With Kashmir once again in the limelight, it could not have been a better time to publish a book about VP Menon, subtitled “The Unsung Architect of Modern India.” Nor, indeed, when recent narratives have sought to embrace Sardar Ballabhbhai Patel, the iron man of India, as the leader who, given a free hand, would have saved the country from its fractured legacy – or, at least, since Partition proved to be inevitable, as an individual who might have welded all the disparate pieces together under a different dispensation, that is to say, a Hindu Raj. That is the current narrative, not necessarily one that Patel would have endorsed.
One can also question various small niggles with regard to the title. In VP Menon’s own superb account, “The Story of the Integration of the States”, published in 1956 to fulfil a promise he had made to his mentor, Patel, he describes the trajectory that was to lead to the forming of the two nations. It’s somewhat ingenuous to ignore that along with “Modern India”, there was also Pakistan.
As far as bestowing the rubric of architect goes, it’s certainly the privilege of a great-granddaughter to view her ancestor with a certain amount of pride, not unmixed with glory. Narayani Basu has done Menon proud with her exhaustive reading and lively recapitulation of the many obstacles that had to be cleared or detonated with exhaustive negotiations with the main dramatis personae. Whether that qualifies him to be described as an “architect” can be disputed.
Lime and mortar man
Menon could at best be regarded as a lime-and-mortar man who had the energy and the opportunity to keep putting the pieces of the country together even as the forces of irredentism pulled them in various directions. Let us admit tongue firmly in cheek that it’s with a sense of deja vu that one uses words like “irredentism”, or “Balkanisation”, or the lovely phrase, “fissiparous tendencies”, that were bandied about in the early years of Indian Independence. Decisions were deferred in granting the country full independence since there were internal fissures, imagined or real, threatening to wrench the “Jewel in the Crown” and trample it in the collective dirt of wilful intransigence.
As Political Reforms Commissioner, Menon was in a unique position to witness the way the three Viceroys under whom he served – Linlithgow, Wavell and Mountbatten – went about dismantling their cherished possession. Basu is at her best in creating brilliant set-pieces on the different ways in which the Viceroys interacted to either delay or finally hastily precipitate the inevitable that led to Partition.
Winston Churchill was certainly one of those who predicted that leaving the Indian subcontinent in the hands of demagogues and regressive religious zealots would sooner than later lead to chaos. Churchill and others like him at Whitehall may well have encouraged the decline. In one telling remark, Menon suggests that the process of disintegration began in 1905, when the first attempt to define the country along religious lines was mooted.
This was to lead to its tragic climax in 1947 and all the horrors of Partition that followed. What we are witnessing now seventy-and-odd years later should be seen as a warning not to repeat the mistakes of the past.
These caveats apart, Basu has shown remarkable zest in renegotiating a well-trampled terrain by centring it around Vappala Panguni Menon (1893-1961), popularly referred to as VP. As Menon himself has written in his book, the task of integrating 565 Princely States required both sagacity and diplomacy of a very high order.
In some cases, as is well known, military action had to be used to “persuade” recalcitrant rulers like the Nawab of Junagadh and the Nizam of Hyderabad to fall in line. It was a course of action that received the nod from Patel. In others, as Menon writes, the relations with Kashmir and Pakistan required an assent from Jawaharlal Nehru, whose Achilles heel was Kashmir.
Menon also asserts how he took control of the communal riots that ushered in the bloody dawn of the birth of two countries. Following Patel’s death in 1950, Menon was one of the persons associated with forming the Swatantra Party along with Rajaji or C Rajagopalachari and a coterie of some of the more enlightened princes.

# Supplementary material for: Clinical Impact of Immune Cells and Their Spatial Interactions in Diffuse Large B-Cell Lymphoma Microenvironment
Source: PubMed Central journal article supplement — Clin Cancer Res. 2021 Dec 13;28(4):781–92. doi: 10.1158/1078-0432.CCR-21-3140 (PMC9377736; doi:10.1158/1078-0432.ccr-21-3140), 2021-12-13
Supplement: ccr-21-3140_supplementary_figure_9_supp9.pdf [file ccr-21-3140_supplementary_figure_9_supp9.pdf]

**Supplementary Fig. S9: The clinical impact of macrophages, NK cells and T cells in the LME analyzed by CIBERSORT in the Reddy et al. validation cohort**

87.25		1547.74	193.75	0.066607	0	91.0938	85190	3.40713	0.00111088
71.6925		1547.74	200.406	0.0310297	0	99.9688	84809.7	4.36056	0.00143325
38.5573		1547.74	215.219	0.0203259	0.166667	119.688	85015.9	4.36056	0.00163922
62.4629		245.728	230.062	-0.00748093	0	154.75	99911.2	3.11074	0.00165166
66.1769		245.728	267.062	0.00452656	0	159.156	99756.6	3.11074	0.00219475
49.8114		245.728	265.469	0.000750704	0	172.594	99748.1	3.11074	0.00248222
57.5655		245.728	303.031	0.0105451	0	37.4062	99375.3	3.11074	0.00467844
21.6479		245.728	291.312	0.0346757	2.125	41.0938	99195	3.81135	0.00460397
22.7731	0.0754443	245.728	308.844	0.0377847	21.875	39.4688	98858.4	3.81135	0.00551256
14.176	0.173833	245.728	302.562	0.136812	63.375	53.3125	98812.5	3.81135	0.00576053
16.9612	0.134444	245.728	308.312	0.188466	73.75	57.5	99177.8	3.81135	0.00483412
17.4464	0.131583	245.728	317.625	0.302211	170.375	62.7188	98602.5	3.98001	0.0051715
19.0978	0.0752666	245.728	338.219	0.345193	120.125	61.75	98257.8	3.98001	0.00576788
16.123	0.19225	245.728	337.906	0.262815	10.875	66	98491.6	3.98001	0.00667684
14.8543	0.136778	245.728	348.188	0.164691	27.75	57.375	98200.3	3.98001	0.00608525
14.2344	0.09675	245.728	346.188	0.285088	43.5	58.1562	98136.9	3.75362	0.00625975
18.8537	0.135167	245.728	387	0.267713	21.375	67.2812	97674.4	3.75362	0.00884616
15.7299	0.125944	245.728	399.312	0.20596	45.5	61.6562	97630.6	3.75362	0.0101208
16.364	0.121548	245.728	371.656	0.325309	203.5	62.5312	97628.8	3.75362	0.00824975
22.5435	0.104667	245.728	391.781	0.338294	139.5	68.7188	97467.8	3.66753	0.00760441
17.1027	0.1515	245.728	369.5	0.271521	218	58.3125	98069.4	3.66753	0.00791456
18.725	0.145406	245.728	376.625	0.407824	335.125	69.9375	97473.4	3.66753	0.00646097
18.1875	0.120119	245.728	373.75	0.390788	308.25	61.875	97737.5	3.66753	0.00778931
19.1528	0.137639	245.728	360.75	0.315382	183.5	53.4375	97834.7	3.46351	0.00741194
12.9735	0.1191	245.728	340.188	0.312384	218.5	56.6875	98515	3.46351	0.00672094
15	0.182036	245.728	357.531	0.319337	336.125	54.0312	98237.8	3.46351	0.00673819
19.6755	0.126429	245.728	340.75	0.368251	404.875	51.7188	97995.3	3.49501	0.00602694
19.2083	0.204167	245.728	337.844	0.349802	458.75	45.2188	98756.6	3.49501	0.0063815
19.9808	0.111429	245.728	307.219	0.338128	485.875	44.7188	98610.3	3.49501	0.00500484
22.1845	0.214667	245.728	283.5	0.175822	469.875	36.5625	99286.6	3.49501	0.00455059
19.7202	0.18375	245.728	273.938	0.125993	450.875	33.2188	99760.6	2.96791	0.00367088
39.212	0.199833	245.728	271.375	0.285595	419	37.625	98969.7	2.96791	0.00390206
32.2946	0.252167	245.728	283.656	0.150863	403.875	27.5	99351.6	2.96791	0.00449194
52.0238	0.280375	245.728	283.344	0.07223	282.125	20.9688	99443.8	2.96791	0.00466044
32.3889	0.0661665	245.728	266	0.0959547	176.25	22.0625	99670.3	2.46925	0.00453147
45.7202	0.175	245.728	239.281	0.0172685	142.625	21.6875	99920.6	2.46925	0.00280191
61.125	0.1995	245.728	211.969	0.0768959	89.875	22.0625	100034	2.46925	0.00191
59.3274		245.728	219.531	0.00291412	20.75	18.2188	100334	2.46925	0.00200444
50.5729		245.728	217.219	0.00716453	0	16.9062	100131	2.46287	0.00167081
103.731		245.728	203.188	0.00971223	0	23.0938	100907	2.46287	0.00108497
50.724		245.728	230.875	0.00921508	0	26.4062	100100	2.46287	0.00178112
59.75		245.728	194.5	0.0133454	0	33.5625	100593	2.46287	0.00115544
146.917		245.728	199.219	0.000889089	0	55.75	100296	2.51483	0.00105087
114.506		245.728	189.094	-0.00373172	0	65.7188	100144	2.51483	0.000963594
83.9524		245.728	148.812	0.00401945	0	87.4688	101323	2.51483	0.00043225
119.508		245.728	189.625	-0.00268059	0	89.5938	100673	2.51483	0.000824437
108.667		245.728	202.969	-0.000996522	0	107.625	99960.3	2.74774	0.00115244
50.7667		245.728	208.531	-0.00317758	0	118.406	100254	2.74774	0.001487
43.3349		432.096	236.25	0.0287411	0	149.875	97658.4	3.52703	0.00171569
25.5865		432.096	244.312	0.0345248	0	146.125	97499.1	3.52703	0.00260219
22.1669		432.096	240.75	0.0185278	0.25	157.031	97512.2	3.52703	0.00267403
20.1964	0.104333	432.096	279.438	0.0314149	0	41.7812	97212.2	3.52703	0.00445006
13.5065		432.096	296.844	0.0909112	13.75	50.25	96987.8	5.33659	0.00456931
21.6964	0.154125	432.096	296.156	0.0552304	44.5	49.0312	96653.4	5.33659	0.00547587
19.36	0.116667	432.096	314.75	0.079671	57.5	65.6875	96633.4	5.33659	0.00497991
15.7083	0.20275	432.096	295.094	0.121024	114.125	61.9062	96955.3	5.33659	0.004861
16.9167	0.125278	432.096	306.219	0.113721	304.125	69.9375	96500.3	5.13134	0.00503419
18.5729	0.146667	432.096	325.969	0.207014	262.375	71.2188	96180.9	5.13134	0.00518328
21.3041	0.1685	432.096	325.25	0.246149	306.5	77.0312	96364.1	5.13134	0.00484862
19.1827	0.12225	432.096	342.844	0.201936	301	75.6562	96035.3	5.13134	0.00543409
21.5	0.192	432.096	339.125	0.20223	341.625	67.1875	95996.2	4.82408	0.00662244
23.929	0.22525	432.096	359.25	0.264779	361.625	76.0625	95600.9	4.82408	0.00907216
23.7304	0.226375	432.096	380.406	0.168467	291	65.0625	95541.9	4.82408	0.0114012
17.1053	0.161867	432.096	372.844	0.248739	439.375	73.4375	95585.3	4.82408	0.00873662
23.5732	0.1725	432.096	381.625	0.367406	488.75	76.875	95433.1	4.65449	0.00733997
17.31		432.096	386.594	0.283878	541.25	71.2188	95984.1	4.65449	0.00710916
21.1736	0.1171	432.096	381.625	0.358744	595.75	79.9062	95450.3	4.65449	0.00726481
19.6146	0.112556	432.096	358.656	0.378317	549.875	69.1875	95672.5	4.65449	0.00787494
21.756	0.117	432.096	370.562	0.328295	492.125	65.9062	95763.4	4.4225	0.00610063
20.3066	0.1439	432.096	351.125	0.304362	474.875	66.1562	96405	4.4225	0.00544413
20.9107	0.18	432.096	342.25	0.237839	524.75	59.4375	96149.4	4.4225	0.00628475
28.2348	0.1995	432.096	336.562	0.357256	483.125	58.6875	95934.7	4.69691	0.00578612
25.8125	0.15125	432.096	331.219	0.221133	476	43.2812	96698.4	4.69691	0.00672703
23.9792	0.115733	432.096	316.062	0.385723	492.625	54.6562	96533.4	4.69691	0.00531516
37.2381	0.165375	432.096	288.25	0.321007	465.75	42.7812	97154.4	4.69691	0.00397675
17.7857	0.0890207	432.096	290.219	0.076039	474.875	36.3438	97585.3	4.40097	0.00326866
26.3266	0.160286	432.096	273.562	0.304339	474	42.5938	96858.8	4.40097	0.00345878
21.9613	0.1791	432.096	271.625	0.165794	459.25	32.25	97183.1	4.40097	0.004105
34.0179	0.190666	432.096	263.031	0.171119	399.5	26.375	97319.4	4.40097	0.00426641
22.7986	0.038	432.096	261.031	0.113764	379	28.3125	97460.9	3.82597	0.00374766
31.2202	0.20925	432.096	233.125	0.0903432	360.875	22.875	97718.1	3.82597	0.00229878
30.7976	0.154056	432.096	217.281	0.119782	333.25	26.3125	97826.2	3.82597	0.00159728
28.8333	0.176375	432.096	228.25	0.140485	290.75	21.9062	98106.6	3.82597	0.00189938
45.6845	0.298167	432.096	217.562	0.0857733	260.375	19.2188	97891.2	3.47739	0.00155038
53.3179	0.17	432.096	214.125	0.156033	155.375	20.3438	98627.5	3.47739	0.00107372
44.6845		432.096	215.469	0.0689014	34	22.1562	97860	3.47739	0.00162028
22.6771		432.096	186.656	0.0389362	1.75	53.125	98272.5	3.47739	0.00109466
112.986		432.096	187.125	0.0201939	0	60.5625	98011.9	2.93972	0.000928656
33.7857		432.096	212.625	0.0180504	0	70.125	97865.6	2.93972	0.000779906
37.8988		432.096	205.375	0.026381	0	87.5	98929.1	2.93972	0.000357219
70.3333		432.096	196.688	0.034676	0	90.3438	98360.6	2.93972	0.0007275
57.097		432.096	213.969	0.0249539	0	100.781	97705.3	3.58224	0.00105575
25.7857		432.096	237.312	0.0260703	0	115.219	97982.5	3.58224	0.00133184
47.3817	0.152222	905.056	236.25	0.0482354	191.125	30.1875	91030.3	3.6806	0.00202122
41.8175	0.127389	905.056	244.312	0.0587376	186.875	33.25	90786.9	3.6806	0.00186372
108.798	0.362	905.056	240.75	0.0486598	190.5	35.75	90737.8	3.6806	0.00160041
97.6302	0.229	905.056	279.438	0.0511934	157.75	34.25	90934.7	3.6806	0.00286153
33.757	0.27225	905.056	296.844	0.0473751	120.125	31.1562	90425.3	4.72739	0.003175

Parlaying with the princely states
While the story may not be new, or an untold one, Basu brings a fresh perspective by her extensive reading from a wide range of sources. For instance, while introducing Reginald Cripps of the doomed Cripps Mission, described by Churchill as a “lunatic”, Basu describes him thus: “A leanly build socialist and a barrister with a taste for nudity and knitting, it was already well-known that Cripps saw himself as a potential rival to both Linlithgow and Churchill.”
Her primary source is Henry Hodson from the archives of the School of African and Oriental Studies. He not only knew Menon as his boss during his tenure in India, but also subsequently recorded an extensive series of interviews with Menon about the period in which he played a vital role. Basu juxtaposes this with family history handed down through word of mouth and a few published accounts.
These, however, form a weak link in the narrative. Basu seems to lose her natural ebullience as she tiptoes around the narratives recounted by her grandmother Premilla Anantan (nee Sahgal), also known as “Precious”, to whom the book is dedicated. “Precious” was apparently a name bestowed by Menon himself.
There is a picaresque quality to the story of Menon as a young boy fleeing from his home at Ottapalam in Kerala and doing manual labour jobs to survive. Each encounter provided him with an instinct for self-preservation and taught him the art of negotiation even in dire circumstances. One of the interesting anecdotes that Menon describes is how during a brief moment alone with the Maharaja of Jodhpur Hanwant Singh after he had signed the document of accession in front of Viceroy Mountbatten, Singh pulled out a .22 caliber revolver and threatened him. Menon stood his ground.
Much later, in 1953, when elections were being held, the Maharaja sent an emissary to Bangalore, where Menon had retired, to invite him to stand from a safe seat in the Jodhpur constituency. As Basu also notes, the Maharaja was shortly to be killed in a plane crash while campaigning, with his beautiful mistress by his side. This story was made into the famous Bollywood film Zubeida, written by Khalid Mohammed and directed by Shyam Benegal.
Each of the princes and erstwhile rulers had their own compulsions for refusing to sign what was basically a death warrant to the old order. In another famous case, the Diwan of Travancore, Sir C. Ramaswami Aiyer, took the precaution of appointing a Trade Officer in Pakistan to signal that under his tutelage Travancore would not join the Indian Union. A large part of the saga covers how Patel and Menon went about cajoling and coercing the princes to bite the bullet of Independence and align themselves to the new dispensation.
There are some vivid stories that Basu tells about how, during Menon’s first stint at the Round Table negotiations in London in 1930, the Prince of Sarila advised him never to be afraid of looking straight into the eyes of the British administrators who were in command and of speaking his mind. He also learnt the importance of dressing impeccably.